conditions, such as the existence of a legal or implied contract, an exchange
relationship, or an identifiable power-dependence relationship (Mitchell, Agle
and Wood, 1997). The identification process does suffer from several challenges
some of which Jepsen and Eskerod (2008) identified as lack of clarity in the
guidelines that are supposed to help in their identification, importance and
expectations.

What I take from this process is a
deeper understanding of the salient actors of the project management process
who if ignored could prove disastrous in the long term. Shortsightedness in a
value-focused approach to project management is not enough, therefore I believe
my own performance as a project manager on a software development project can
be enhanced with good stakeholder management. However, the danger of bounded
rationality does still pose a real threat to my complete identification of all
stakeholders especially the ones that emanate from the macro environment.

These stealth forces remain a
challenge although their management would be seamless with the acquired
understanding of the stakeholder management process. Conversely, there is a
mutual benefit for both myself and the company whose intention is to pursue
positive net present value projects and realize a real return on investment.
Therefore, I now understand that my actions going forward in the stakeholder
“jigsaw” has an inevitable effect on the bottom line of the company.

3.2 Stakeholder
Classification

According to Winch (2010), the
problem of stakeholder analysis can be attributed to the lack of
classification. He suggests resolving this by way of classifying stakeholders,
primarily, into two categories: Internal stakeholders and External
stakeholders. The former are those that have a legal contract with client
whereas the latter has a direct interest in the project. Winch (2010) further
provides a sub-classification that breaks down internal stakeholders into those
clustered around the client on the demand side and those on the supply side.
Similarly, external stakeholders are broken down into private and public.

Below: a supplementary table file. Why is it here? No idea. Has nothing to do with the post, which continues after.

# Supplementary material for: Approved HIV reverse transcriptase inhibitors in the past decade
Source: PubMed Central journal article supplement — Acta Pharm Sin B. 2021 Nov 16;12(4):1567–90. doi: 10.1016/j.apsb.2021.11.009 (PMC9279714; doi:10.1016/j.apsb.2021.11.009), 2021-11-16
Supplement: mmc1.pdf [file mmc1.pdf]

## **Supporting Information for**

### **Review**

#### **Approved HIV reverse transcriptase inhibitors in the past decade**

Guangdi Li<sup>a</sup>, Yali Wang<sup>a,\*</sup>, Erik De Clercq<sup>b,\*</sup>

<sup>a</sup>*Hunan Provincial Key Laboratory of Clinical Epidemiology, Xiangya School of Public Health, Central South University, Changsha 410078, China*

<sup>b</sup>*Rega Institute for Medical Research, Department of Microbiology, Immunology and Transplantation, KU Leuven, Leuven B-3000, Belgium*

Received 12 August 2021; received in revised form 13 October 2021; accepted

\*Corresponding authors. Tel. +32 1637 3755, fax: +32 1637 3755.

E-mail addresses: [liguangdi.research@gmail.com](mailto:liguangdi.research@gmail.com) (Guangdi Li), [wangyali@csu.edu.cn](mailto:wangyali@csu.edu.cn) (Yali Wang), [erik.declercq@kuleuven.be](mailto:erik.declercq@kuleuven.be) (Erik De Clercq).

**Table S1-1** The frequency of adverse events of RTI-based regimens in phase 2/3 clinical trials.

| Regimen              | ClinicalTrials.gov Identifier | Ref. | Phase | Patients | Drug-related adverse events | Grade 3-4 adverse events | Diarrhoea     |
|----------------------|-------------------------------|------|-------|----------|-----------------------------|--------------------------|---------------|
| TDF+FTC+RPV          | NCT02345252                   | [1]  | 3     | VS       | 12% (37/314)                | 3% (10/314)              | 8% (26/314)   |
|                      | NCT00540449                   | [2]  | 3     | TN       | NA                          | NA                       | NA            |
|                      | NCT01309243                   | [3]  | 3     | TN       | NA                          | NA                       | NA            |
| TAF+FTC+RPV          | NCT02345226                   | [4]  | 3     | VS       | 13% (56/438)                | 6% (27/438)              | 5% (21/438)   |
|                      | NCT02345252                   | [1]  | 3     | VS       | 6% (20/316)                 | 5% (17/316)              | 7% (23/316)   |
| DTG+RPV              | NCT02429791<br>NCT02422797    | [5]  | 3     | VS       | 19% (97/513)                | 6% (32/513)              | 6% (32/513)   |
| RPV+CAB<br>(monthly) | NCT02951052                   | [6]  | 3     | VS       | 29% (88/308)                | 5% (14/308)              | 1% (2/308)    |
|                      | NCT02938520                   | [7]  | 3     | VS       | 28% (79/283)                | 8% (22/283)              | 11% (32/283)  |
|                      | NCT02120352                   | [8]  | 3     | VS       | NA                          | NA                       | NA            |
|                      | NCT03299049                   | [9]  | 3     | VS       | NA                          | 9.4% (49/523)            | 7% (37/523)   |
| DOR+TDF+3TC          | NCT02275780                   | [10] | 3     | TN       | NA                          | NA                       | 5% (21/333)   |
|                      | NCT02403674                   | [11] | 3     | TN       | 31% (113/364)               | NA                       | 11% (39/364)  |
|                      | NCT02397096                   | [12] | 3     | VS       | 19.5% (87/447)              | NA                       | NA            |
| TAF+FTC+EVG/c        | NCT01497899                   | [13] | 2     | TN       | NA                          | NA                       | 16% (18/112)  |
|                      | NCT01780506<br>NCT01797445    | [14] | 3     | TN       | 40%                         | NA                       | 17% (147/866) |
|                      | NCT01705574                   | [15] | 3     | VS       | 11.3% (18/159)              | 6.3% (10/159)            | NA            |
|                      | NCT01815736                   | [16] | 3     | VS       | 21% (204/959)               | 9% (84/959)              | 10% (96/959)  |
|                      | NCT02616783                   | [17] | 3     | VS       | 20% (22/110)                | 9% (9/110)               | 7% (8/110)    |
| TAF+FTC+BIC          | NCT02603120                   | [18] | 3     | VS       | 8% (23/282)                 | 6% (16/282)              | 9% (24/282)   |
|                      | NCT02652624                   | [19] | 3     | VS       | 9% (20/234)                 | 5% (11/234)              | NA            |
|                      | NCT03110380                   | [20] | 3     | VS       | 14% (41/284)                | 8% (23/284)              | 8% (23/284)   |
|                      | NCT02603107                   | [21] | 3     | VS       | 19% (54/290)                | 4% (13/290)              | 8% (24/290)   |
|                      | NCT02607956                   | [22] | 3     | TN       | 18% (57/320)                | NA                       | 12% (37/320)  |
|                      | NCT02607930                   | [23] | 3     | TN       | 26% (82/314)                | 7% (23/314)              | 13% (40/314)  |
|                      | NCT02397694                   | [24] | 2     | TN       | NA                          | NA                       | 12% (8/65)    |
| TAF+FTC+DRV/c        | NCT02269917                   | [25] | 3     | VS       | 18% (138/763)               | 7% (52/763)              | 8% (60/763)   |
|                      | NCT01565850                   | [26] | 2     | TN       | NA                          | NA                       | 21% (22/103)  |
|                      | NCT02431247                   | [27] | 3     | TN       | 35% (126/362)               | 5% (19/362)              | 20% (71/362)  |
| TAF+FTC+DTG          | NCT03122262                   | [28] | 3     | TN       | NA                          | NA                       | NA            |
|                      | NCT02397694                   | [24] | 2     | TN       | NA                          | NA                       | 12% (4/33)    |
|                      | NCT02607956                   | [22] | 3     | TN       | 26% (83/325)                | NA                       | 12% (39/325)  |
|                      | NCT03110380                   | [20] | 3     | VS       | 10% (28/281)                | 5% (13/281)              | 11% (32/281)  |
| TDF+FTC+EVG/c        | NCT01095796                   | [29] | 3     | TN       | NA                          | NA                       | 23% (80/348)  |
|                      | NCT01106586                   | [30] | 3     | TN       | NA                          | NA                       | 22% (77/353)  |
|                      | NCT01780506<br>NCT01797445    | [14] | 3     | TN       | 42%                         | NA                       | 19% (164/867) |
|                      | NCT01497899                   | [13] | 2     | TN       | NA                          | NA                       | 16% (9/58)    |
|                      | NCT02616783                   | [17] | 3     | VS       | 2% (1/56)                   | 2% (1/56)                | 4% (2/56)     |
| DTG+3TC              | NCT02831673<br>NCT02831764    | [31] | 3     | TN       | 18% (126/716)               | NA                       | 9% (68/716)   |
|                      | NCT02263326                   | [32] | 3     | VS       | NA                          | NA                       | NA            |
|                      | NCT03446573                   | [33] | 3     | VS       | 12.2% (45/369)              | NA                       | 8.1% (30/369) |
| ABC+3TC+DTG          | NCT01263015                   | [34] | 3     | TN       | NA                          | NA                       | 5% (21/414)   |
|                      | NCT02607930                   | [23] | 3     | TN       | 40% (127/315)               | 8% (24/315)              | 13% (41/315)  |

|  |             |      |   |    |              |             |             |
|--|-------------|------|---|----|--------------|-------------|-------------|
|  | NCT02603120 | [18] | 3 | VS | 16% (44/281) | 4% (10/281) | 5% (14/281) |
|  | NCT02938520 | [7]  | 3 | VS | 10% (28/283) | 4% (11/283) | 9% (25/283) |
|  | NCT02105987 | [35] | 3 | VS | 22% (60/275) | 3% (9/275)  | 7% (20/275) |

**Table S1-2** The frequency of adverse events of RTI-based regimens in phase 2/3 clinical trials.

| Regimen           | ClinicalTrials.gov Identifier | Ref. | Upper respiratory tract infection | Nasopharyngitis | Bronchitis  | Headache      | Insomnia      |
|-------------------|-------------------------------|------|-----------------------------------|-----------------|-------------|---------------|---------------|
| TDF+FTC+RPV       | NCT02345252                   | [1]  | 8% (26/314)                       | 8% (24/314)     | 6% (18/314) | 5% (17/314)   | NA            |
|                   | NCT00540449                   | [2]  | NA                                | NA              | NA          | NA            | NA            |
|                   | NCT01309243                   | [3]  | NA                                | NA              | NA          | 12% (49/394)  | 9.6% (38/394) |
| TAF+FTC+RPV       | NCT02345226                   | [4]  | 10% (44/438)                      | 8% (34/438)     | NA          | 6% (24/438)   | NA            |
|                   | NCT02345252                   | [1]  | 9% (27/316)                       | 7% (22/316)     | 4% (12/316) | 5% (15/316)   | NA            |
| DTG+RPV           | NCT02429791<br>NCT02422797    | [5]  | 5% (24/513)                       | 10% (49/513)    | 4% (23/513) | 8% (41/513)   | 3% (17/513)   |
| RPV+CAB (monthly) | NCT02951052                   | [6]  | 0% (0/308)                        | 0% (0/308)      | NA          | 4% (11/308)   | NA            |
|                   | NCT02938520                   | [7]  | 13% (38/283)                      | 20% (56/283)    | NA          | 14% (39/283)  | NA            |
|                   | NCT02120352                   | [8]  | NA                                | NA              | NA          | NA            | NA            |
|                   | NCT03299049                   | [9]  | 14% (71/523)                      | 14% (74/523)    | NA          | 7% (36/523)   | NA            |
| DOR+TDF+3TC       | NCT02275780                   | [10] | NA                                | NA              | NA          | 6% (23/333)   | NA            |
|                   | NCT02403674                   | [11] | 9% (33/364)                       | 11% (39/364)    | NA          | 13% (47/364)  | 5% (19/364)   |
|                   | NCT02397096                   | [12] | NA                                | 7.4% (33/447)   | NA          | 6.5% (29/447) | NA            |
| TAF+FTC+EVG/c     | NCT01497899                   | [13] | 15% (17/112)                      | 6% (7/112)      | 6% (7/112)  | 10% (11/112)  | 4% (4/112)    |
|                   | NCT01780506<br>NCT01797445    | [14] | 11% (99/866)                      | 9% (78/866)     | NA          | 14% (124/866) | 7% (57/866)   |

However, Mitchell, Agle, and Wood (1997) provide a further classification of
stakeholders where they identify what they call primary stakeholders who bear
some form of risk as a result of investing capital, human or financial
resources to a project.

They classify these as
stakeholders whose non-participation would lead to the project not commencing
in the first place. They include capital suppliers such as shareholders and
investors, employees, other resource suppliers, customers, community residents,
and the natural environment (Clarkson, 1995). In addition, Clarkson (1995)
identifies the secondary stakeholder equivalent as public stakeholders who include
the government and communities. These provide the infrastructure and markets,
whose

3.3 Attributes and Mapping

According to Calvert (1995) as
cited in Bonke and Winch (2002), stakeholder management has been a subject of
growing importance in project management, therefore, Bonke and Winch (2002)
suggest that an understanding of their interests and relative power is vital
for the effective management of the inception stages of many projects during
scope definition. This involves identifying the different attributes of
stakeholders and providing a framework for mapping them.

Mitchell, Agle and Wood (1997)
identify three attributes that define stakeholders. The first is a power which
describes the level of influence a stakeholder can wield over a project even in
the midst of resistance. The second attribute is legitimacy which describes the
degree of moral claim a stakeholder has over a project and is inferred by the
level of risk or property rights that articulate the principle of who or what
really counts. Suchman (1995) describes legitimacy as a generalized perception
or assumption that the actions of an entity are desirable, proper, or
appropriate within some socially constructed system of norms, values, beliefs.